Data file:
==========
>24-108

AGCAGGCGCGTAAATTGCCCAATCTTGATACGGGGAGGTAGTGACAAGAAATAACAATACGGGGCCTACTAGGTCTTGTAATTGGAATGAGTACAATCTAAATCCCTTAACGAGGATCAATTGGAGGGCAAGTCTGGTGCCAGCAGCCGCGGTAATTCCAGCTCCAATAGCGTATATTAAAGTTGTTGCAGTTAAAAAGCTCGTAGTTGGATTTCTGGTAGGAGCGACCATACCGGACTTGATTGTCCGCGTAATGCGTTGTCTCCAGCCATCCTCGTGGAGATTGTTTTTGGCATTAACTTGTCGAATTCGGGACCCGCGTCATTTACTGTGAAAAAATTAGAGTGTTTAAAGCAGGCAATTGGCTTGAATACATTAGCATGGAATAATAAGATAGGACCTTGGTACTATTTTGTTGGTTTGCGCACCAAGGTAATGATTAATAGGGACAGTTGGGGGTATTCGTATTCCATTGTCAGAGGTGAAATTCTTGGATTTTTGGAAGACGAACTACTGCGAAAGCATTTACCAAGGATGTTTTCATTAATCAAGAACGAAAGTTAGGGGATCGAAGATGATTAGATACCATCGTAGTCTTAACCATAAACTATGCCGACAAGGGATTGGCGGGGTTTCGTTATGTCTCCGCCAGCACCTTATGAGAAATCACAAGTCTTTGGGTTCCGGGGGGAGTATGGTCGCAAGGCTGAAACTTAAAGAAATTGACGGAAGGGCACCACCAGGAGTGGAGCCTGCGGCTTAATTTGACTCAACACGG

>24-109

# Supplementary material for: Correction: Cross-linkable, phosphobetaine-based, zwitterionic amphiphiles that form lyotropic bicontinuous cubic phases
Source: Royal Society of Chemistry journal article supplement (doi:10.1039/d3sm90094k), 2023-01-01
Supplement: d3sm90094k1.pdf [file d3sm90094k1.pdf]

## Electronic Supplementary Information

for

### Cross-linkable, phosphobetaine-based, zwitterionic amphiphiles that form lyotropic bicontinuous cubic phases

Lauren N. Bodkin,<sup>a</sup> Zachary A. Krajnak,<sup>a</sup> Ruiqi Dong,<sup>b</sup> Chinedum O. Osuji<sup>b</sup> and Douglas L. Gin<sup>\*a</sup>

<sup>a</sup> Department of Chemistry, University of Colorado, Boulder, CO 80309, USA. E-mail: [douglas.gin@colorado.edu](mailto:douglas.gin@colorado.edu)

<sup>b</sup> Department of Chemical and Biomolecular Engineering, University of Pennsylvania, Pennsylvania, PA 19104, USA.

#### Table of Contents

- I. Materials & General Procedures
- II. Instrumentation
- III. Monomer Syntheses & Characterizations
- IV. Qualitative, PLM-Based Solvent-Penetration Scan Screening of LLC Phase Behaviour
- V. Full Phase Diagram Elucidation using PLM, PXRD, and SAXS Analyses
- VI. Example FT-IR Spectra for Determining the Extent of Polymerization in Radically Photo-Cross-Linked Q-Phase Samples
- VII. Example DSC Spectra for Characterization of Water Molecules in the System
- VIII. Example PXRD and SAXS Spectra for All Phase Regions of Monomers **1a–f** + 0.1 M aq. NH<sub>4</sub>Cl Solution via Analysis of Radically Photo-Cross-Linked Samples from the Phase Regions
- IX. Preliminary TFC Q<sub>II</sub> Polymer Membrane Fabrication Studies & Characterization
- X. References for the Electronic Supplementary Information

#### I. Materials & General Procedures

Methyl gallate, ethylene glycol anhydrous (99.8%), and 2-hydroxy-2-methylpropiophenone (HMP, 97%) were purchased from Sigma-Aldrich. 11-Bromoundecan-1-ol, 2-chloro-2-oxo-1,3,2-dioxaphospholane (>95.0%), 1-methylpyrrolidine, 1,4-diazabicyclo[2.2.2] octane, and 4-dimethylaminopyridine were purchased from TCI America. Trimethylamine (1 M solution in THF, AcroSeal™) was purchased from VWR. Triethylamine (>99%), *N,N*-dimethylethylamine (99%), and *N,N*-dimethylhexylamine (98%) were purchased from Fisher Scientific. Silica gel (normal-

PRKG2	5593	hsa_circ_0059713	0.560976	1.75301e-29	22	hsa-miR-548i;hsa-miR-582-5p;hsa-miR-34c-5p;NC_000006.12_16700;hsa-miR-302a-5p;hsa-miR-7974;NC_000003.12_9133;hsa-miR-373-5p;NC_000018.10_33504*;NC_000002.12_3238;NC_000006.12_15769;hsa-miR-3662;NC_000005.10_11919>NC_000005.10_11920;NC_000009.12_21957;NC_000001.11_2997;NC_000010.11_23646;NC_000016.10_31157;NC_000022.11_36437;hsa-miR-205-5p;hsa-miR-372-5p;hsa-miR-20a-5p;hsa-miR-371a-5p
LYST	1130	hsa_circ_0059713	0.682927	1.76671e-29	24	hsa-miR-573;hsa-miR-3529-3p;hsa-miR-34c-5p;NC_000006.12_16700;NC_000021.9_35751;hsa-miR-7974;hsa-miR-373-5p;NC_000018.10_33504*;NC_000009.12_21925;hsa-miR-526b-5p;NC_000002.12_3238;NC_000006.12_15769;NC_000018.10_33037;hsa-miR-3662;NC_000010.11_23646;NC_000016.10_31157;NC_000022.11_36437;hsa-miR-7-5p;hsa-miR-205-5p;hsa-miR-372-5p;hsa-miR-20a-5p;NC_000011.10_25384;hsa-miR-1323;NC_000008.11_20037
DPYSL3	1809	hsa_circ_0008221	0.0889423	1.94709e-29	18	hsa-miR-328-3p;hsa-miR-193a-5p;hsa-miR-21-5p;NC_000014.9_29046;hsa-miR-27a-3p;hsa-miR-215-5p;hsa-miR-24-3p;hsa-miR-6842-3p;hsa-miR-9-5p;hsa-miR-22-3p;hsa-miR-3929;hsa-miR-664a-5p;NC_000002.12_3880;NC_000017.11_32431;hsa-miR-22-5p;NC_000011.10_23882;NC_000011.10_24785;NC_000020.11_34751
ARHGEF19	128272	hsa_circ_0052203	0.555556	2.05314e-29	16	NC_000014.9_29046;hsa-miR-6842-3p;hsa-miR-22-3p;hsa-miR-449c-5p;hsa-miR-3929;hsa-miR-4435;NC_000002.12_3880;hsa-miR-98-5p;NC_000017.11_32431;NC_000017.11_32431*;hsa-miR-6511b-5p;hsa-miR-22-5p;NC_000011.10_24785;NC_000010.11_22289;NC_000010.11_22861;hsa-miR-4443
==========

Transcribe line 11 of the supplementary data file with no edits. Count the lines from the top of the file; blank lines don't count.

<sup>a</sup> Department of Chemistry, University of Colorado, Boulder, CO 80309, USA. E-mail: [douglas.gin@colorado.edu](mailto:douglas.gin@colorado.edu)